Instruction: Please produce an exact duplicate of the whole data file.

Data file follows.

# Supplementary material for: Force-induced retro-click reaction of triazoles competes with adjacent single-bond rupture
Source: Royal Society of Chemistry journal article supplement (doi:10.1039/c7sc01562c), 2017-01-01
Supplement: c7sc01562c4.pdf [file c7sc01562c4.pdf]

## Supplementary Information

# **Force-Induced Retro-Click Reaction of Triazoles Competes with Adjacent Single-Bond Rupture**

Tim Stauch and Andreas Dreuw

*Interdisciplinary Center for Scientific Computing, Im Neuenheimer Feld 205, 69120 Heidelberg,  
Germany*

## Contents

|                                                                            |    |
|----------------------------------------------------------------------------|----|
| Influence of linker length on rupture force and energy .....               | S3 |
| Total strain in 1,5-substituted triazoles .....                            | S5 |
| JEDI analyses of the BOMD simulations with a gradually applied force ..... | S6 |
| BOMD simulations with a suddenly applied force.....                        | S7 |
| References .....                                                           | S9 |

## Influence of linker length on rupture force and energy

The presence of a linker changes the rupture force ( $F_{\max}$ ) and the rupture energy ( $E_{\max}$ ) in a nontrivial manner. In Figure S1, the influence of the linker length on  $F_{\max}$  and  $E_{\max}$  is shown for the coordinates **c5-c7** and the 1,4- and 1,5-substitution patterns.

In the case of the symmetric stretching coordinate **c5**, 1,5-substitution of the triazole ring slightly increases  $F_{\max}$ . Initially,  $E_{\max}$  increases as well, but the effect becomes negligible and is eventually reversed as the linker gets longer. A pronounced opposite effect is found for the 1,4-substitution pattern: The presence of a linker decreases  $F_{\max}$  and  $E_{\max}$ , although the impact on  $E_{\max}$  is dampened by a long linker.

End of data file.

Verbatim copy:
# Supplementary material for: Force-induced retro-click reaction of triazoles competes with adjacent single-bond rupture
Source: Royal Society of Chemistry journal article supplement (doi:10.1039/c7sc01562c), 2017-01-01
Supplement: c7sc01562c4.pdf [file c7sc01562c4.pdf]

## Supplementary Information

# **Force-Induced Retro-Click Reaction of Triazoles Competes with Adjacent Single-Bond Rupture**

Tim Stauch and Andreas Dreuw

*Interdisciplinary Center for Scientific Computing, Im Neuenheimer Feld 205, 69120 Heidelberg,  
Germany*

## Contents

|                                                                            |    |
|----------------------------------------------------------------------------|----|
| Influence of linker length on rupture force and energy .....               | S3 |
| Total strain in 1,5-substituted triazoles .....                            | S5 |
| JEDI analyses of the BOMD simulations with a gradually applied force ..... | S6 |
| BOMD simulations with a suddenly applied force.....                        | S7 |
| References .....                                                           | S9 |

## Influence of linker length on rupture force and energy

The presence of a linker changes the rupture force ( $F_{\max}$ ) and the rupture energy ( $E_{\max}$ ) in a nontrivial manner. In Figure S1, the influence of the linker length on  $F_{\max}$  and  $E_{\max}$  is shown for the coordinates **c5-c7** and the 1,4- and 1,5-substitution patterns.

In the case of the symmetric stretching coordinate **c5**, 1,5-substitution of the triazole ring slightly increases  $F_{\max}$ . Initially,  $E_{\max}$  increases as well, but the effect becomes negligible and is eventually reversed as the linker gets longer. A pronounced opposite effect is found for the 1,4-substitution pattern: The presence of a linker decreases  $F_{\max}$  and  $E_{\max}$ , although the impact on  $E_{\max}$  is dampened by a long linker.